Surly released it's first cargo bike, the Big Dummy, in 2007. I have no memory for dates, so I have no idea when I bought one for myself. Let's call it somewhere between six and eight years ago. Since the day I rode it home, whatever day that was, the Dummy has been one of my favorite possessions.
Cargo bikes can sometimes inspire a kind of smugness that I want to avoid here, but to describe how invaluable the Dummy has been I want to catalog some of the things I've hauled with that bike: passengers, lumber, bikes, dogs, firewood, charcoal grills, mannequins, and gardening soil. I've raced cyclocross on the Dummy (with and without a passenger), bikecamped, and moved. I've made a game out of running errands without planning beforehand how I'm going to get everything onboard, and it's a game I've yet to lose.
Here are a few fond memories from unspecified years:
The Big Dummy is a bike that encourages a good time. Going somewhere fun? Take a Dummy and never regret it. Going somewhere that's not fun? Take a Dummy with a cooler on the back and suddenly Gumby is with you and you're having a good time.
I was pretty sure the Dummy was the one bike I'd have forever, but deciding to sell it was easy.
The release of Big Fat Dummy seemed cause to raise an eyebrow. Did Surly bring a product to market simply to satisfy an inspired name? I threw a leg over it and knew within minutes that I'd be trading my Big Dummy for the BFD.
It's stiffer, and thus it handles better. I've ridden the Dummy down many a staircase, and it's always been fun, but the BFD does it with, dare I say, grace. The smaller double crankset means you can drop the front end off a low-to-moderate retaining wall without bottoming out on the large chainring. That might not seem important, but one of the worst wrecks of my life was caused by just such a bottoming-out. It occurred during a birthday party (after a couple of beers) and I have no idea what year it was.
The BFD is relatively easy to bunny hop. I love this so so much.
The cargo deck is bigger. It's easier to balance wide loads and it's more comfortable for passengers. The deck is also higher, so you can inflate your rear tire or adjust your derailleur without fighting a cargo bag that's full of 87lbs of pancake mix (or whatever).
I never had a problem with the mechanical brakes on the Dummy, but the hydraulics make a notable difference.
Now, about those fat tires. Fatbikes have drawn ridicule from some riders, a few with experience and a few with mere aesthetic objections. Like any bicycle, however, fatbikes are really good at some things (climbing straight up a wall) and not so good at others (shedding grams). For hauling cargo, there seems to be no downside. I've hit curbs and potholes on a fully-loaded Big Dummy, and the forces involved made my cartilage hurt. A fully-loaded BFD (we're talking close to 400lbs) absorbs obstacles. Does it make the BFD slower than the Dummy? Who cares. Why are you in such a hurry to get your food-grade rain barrel or your crate of watermelons or your deflated bouncy castle across town anyway? Also, big tires mean you can stick some sweet wall rides on the South Platte Trail underpasses.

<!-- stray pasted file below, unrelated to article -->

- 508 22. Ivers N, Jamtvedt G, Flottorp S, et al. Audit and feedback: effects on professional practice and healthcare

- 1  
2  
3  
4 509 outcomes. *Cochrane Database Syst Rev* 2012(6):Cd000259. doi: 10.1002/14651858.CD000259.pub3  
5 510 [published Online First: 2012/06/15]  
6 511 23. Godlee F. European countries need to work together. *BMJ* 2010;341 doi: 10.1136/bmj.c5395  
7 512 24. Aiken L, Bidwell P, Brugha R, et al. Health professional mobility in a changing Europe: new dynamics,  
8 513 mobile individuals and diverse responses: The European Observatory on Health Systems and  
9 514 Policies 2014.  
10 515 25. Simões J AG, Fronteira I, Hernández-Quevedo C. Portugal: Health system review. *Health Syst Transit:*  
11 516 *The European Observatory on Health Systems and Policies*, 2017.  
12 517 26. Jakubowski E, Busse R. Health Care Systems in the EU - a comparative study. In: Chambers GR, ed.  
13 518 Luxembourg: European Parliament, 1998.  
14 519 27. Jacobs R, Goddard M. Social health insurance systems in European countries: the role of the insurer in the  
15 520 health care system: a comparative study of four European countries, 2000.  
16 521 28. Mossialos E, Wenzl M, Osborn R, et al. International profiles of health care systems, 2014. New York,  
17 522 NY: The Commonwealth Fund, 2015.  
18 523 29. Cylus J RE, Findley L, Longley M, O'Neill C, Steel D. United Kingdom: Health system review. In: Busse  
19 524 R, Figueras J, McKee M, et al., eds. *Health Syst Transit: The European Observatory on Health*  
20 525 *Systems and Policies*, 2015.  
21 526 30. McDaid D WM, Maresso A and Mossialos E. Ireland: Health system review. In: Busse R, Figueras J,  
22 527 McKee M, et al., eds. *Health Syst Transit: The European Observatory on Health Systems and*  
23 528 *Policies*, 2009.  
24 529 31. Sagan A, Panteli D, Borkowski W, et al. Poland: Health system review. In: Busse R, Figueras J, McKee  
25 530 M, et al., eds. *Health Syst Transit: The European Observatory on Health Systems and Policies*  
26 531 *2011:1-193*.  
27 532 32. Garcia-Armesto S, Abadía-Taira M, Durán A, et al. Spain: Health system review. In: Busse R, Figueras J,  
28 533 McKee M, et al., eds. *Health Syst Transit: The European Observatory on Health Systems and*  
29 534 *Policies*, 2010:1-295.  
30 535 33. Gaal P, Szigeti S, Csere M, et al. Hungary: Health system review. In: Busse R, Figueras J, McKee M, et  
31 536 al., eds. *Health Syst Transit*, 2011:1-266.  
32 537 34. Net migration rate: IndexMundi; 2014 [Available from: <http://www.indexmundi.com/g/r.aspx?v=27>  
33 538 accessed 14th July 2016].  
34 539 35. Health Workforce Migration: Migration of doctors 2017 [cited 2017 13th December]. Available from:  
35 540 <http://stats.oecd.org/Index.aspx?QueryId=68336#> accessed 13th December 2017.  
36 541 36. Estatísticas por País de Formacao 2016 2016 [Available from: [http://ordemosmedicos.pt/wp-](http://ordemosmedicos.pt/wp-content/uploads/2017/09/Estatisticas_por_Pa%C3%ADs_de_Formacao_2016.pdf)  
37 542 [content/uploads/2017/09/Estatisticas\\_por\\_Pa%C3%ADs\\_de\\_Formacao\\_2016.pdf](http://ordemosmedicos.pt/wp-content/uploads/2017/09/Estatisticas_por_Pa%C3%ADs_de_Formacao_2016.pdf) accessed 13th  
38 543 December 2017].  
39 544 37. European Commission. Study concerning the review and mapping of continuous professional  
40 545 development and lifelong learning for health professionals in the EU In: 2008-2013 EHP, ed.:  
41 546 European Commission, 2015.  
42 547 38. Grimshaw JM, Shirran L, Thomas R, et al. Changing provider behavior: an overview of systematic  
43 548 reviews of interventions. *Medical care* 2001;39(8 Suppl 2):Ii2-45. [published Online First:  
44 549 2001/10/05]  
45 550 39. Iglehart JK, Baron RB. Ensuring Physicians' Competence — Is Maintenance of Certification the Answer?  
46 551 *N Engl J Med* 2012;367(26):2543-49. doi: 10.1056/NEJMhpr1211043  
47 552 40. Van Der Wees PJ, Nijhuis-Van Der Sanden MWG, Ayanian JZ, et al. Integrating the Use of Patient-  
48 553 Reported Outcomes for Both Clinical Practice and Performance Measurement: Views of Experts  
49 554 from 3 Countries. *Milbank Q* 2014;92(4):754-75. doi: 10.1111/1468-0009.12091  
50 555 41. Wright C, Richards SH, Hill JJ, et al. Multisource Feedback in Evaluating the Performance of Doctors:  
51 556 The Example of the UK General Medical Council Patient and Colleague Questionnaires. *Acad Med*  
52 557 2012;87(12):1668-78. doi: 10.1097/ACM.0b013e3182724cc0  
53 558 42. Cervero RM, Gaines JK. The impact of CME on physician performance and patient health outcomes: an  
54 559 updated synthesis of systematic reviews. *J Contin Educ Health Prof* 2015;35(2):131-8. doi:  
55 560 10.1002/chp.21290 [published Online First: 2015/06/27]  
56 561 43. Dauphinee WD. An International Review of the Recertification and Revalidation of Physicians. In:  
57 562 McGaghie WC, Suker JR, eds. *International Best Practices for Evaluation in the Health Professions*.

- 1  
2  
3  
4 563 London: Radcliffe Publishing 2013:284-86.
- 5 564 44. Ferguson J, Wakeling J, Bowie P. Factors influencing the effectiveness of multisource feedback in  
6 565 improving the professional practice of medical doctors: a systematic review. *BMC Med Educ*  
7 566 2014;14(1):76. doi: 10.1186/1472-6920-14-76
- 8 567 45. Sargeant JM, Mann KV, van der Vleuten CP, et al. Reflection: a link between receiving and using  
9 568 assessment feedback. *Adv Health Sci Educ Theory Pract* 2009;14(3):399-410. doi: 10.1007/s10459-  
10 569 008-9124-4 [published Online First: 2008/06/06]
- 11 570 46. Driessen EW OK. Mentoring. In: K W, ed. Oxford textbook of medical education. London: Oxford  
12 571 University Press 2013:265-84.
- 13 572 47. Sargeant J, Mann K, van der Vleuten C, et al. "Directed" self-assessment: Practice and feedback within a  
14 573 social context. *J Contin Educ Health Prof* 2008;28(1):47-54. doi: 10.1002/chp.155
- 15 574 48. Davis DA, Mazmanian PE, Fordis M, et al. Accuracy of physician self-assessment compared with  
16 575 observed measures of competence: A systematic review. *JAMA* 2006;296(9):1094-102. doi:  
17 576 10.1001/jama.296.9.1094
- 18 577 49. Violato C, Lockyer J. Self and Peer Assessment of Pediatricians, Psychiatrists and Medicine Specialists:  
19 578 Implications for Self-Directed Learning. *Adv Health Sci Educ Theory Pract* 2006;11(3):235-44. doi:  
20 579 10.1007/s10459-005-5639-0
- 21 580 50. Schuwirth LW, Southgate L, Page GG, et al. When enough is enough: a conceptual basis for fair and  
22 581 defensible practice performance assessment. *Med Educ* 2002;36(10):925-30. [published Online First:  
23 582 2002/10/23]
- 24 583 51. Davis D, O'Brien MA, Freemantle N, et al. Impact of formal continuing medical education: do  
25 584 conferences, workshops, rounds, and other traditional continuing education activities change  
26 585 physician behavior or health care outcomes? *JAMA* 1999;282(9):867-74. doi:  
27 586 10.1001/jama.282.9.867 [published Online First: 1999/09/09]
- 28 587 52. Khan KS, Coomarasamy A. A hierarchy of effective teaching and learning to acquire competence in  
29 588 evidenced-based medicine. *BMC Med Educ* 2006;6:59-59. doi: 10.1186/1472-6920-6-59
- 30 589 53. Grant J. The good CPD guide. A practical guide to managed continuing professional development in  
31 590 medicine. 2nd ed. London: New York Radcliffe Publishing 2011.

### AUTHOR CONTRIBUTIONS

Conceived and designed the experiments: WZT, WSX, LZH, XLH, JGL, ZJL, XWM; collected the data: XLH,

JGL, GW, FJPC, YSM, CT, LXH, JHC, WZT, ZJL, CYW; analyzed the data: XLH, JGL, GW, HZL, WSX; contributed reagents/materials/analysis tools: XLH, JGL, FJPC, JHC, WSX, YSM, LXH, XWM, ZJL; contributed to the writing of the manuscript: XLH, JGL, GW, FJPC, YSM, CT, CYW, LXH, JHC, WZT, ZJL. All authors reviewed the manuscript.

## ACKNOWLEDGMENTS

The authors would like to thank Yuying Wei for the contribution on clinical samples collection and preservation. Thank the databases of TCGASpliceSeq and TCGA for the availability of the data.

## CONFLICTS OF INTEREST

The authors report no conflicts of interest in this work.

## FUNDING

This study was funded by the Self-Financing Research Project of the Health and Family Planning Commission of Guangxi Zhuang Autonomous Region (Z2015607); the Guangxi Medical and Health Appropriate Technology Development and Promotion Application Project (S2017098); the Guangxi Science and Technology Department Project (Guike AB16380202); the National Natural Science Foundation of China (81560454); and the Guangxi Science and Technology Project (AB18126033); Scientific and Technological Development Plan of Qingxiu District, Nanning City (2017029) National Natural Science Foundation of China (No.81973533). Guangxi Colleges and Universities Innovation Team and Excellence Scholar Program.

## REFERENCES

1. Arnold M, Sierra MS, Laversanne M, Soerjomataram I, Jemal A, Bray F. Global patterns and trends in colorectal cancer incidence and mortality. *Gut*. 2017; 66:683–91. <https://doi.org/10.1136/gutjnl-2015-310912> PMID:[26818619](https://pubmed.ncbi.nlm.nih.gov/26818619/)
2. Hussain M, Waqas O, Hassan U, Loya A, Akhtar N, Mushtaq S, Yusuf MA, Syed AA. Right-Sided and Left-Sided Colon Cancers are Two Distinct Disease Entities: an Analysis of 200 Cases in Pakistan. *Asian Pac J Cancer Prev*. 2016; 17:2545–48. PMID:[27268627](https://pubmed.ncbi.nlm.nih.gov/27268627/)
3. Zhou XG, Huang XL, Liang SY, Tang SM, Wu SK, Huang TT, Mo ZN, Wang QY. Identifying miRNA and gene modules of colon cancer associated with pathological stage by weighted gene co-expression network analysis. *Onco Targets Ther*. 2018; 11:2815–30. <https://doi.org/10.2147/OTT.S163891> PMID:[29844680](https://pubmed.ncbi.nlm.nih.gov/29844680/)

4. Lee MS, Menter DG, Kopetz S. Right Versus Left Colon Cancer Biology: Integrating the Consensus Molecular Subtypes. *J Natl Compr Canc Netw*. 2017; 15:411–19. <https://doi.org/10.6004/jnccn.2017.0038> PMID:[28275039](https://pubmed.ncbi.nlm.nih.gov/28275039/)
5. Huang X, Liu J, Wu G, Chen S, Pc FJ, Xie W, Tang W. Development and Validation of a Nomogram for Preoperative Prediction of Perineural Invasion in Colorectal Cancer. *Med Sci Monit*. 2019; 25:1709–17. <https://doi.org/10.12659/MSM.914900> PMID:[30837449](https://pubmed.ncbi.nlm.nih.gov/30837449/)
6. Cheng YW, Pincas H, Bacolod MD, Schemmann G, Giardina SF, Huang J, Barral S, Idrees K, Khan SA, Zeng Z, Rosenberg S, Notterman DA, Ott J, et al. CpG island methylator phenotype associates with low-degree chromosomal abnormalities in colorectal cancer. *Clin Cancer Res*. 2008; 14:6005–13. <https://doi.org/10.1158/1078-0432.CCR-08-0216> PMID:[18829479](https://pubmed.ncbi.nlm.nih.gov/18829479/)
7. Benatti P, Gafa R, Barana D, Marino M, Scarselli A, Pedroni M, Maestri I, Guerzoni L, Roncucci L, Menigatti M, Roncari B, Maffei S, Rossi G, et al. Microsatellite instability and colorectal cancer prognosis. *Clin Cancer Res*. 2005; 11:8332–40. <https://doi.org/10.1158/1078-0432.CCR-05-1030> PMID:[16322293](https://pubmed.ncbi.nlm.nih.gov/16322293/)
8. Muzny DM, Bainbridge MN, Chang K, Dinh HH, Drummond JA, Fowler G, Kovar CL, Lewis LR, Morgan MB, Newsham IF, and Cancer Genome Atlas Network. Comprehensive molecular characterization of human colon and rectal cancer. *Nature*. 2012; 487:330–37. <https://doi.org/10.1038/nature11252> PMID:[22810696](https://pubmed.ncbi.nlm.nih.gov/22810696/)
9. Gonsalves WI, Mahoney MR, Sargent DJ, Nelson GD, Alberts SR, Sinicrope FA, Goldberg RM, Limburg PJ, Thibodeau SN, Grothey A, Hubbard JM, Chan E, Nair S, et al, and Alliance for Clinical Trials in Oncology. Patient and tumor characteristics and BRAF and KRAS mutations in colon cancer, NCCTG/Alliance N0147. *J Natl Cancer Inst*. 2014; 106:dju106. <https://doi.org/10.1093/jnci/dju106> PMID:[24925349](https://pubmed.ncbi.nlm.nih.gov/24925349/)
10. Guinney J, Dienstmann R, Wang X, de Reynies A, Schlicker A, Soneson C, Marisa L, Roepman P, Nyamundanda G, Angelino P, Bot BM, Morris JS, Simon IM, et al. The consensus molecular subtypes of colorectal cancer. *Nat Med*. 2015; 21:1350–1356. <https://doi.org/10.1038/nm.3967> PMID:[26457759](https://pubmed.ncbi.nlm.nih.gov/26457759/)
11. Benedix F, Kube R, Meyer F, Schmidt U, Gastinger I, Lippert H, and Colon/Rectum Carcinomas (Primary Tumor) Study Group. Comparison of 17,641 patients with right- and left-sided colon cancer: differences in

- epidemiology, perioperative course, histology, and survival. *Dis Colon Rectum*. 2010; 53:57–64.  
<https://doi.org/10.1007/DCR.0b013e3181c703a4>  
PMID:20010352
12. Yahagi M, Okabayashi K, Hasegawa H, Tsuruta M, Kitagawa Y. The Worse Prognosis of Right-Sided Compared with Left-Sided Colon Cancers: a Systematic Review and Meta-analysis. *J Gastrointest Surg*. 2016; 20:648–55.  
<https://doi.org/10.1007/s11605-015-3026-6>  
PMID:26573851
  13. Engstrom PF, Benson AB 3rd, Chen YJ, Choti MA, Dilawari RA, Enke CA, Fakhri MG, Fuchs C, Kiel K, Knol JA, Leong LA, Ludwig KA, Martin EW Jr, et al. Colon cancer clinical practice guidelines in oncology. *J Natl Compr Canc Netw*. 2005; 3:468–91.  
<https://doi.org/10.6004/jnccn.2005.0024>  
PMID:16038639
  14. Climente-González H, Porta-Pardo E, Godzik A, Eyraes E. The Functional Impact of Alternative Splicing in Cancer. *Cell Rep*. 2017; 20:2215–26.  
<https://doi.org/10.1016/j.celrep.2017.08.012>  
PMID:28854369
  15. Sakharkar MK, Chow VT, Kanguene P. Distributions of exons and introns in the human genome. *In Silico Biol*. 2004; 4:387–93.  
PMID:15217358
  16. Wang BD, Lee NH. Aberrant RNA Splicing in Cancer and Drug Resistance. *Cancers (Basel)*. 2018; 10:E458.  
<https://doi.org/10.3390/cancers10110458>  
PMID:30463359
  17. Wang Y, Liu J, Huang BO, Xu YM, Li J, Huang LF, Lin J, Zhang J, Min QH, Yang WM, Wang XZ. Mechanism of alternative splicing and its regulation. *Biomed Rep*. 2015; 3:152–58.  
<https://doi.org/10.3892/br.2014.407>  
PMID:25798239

I've been meaning to do this to my Big Dummy for years, so I installed an axle mount to the rear of the BFD's cargo deck. This makes it easy to haul bikes. This may seem ridiculous (it certainly looks ridiculous), but I've already used this twice and am planning to use it again tomorrow, and I've only had this bike for four days. The axle mount accommodates a 15x100mm, but with a wooden dowel and a homemade spacer, a quick-release, boost, or fatbike hub will also fit.
Is that photo above absurd? Yup. Sometimes a person has to haul various things in various directions in a single day.
Some people might look at the Dummy and the BFD and think about how full their garage already is, and wonder whether they really need another bike. I can understand. Clutter stresses me out. Having too many possessions stresses me out. But here's the thing: a cargo bike allows you to leave your car in the driveway more often. For a number of years, the Big Dummy allowed me to live without a car. Those are very valuable things. If you're cargo-curious, get a cargo bike and use it to haul a couple of boxes from your garage to the thrift store. Park it in the space you've made, and I'll bet you find yourself using it more often than you imagined.
Durability. Versatility. Utility. Surly requires these things from all of their bikes, and the BFD is no exception. It's a strange, magnificent, all-terrain, mind-altering, work-horsing, fun machine. Don't believe me? Get a six-pack and hop on the back.